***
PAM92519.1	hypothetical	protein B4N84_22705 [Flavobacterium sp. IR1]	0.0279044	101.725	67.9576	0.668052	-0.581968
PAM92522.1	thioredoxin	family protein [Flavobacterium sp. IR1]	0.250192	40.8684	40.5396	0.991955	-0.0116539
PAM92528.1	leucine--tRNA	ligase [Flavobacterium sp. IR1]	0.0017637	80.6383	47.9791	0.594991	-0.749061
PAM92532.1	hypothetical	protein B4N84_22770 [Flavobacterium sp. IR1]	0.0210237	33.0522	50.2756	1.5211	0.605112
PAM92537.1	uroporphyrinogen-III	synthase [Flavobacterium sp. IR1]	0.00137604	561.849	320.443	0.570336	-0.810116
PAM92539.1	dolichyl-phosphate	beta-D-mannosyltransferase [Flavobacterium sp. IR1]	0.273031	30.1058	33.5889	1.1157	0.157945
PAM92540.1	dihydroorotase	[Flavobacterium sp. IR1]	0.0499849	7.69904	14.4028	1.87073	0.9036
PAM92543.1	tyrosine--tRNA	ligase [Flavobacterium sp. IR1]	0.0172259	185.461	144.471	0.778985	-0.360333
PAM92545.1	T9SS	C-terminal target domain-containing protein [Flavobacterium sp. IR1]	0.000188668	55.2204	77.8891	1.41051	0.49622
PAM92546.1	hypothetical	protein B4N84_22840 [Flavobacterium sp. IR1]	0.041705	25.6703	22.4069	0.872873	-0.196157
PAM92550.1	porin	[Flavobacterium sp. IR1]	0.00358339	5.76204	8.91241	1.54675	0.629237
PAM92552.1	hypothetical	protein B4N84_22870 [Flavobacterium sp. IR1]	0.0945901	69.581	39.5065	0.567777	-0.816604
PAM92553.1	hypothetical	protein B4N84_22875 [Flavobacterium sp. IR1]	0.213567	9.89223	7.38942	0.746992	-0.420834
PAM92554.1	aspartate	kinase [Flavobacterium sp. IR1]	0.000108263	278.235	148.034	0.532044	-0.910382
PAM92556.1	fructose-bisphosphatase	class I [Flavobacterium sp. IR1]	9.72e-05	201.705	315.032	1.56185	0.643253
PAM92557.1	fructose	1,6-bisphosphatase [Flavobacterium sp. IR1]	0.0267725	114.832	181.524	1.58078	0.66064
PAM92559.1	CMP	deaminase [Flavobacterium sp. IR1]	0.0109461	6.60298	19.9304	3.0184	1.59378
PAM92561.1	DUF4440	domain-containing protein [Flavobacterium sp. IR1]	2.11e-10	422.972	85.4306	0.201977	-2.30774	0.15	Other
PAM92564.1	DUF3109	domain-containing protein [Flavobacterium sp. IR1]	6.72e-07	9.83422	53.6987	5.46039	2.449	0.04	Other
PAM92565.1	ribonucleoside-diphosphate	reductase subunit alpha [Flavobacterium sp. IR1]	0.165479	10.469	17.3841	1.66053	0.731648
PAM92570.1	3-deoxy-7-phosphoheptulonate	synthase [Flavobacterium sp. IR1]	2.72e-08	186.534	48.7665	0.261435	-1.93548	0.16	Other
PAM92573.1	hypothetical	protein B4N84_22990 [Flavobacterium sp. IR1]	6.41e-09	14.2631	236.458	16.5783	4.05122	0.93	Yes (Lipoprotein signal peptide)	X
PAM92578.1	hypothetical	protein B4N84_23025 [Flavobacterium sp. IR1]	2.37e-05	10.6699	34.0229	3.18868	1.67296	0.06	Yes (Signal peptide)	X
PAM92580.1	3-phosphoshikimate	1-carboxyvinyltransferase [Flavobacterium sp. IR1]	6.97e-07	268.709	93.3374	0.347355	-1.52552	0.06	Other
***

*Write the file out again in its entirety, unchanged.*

PAM92519.1	hypothetical	protein B4N84_22705 [Flavobacterium sp. IR1]	0.0279044	101.725	67.9576	0.668052	-0.581968
PAM92522.1	thioredoxin	family protein [Flavobacterium sp. IR1]	0.250192	40.8684	40.5396	0.991955	-0.0116539
PAM92528.1	leucine--tRNA	ligase [Flavobacterium sp. IR1]	0.0017637	80.6383	47.9791	0.594991	-0.749061
PAM92532.1	hypothetical	protein B4N84_22770 [Flavobacterium sp. IR1]	0.0210237	33.0522	50.2756	1.5211	0.605112
PAM92537.1	uroporphyrinogen-III	synthase [Flavobacterium sp. IR1]	0.00137604	561.849	320.443	0.570336	-0.810116
PAM92539.1	dolichyl-phosphate	beta-D-mannosyltransferase [Flavobacterium sp. IR1]	0.273031	30.1058	33.5889	1.1157	0.157945
PAM92540.1	dihydroorotase	[Flavobacterium sp. IR1]	0.0499849	7.69904	14.4028	1.87073	0.9036
PAM92543.1	tyrosine--tRNA	ligase [Flavobacterium sp. IR1]	0.0172259	185.461	144.471	0.778985	-0.360333
PAM92545.1	T9SS	C-terminal target domain-containing protein [Flavobacterium sp. IR1]	0.000188668	55.2204	77.8891	1.41051	0.49622
PAM92546.1	hypothetical	protein B4N84_22840 [Flavobacterium sp. IR1]	0.041705	25.6703	22.4069	0.872873	-0.196157
PAM92550.1	porin	[Flavobacterium sp. IR1]	0.00358339	5.76204	8.91241	1.54675	0.629237
PAM92552.1	hypothetical	protein B4N84_22870 [Flavobacterium sp. IR1]	0.0945901	69.581	39.5065	0.567777	-0.816604
PAM92553.1	hypothetical	protein B4N84_22875 [Flavobacterium sp. IR1]	0.213567	9.89223	7.38942	0.746992	-0.420834
PAM92554.1	aspartate	kinase [Flavobacterium sp. IR1]	0.000108263	278.235	148.034	0.532044	-0.910382
PAM92556.1	fructose-bisphosphatase	class I [Flavobacterium sp. IR1]	9.72e-05	201.705	315.032	1.56185	0.643253
PAM92557.1	fructose	1,6-bisphosphatase [Flavobacterium sp. IR1]	0.0267725	114.832	181.524	1.58078	0.66064
PAM92559.1	CMP	deaminase [Flavobacterium sp. IR1]	0.0109461	6.60298	19.9304	3.0184	1.59378
PAM92561.1	DUF4440	domain-containing protein [Flavobacterium sp. IR1]	2.11e-10	422.972	85.4306	0.201977	-2.30774	0.15	Other
PAM92564.1	DUF3109	domain-containing protein [Flavobacterium sp. IR1]	6.72e-07	9.83422	53.6987	5.46039	2.449	0.04	Other
PAM92565.1	ribonucleoside-diphosphate	reductase subunit alpha [Flavobacterium sp. IR1]	0.165479	10.469	17.3841	1.66053	0.731648
PAM92570.1	3-deoxy-7-phosphoheptulonate	synthase [Flavobacterium sp. IR1]	2.72e-08	186.534	48.7665	0.261435	-1.93548	0.16	Other
PAM92573.1	hypothetical	protein B4N84_22990 [Flavobacterium sp. IR1]	6.41e-09	14.2631	236.458	16.5783	4.05122	0.93	Yes (Lipoprotein signal peptide)	X
PAM92578.1	hypothetical	protein B4N84_23025 [Flavobacterium sp. IR1]	2.37e-05	10.6699	34.0229	3.18868	1.67296	0.06	Yes (Signal peptide)	X
PAM92580.1	3-phosphoshikimate	1-carboxyvinyltransferase [Flavobacterium sp. IR1]	6.97e-07	268.709	93.3374	0.347355	-1.52552	0.06	Other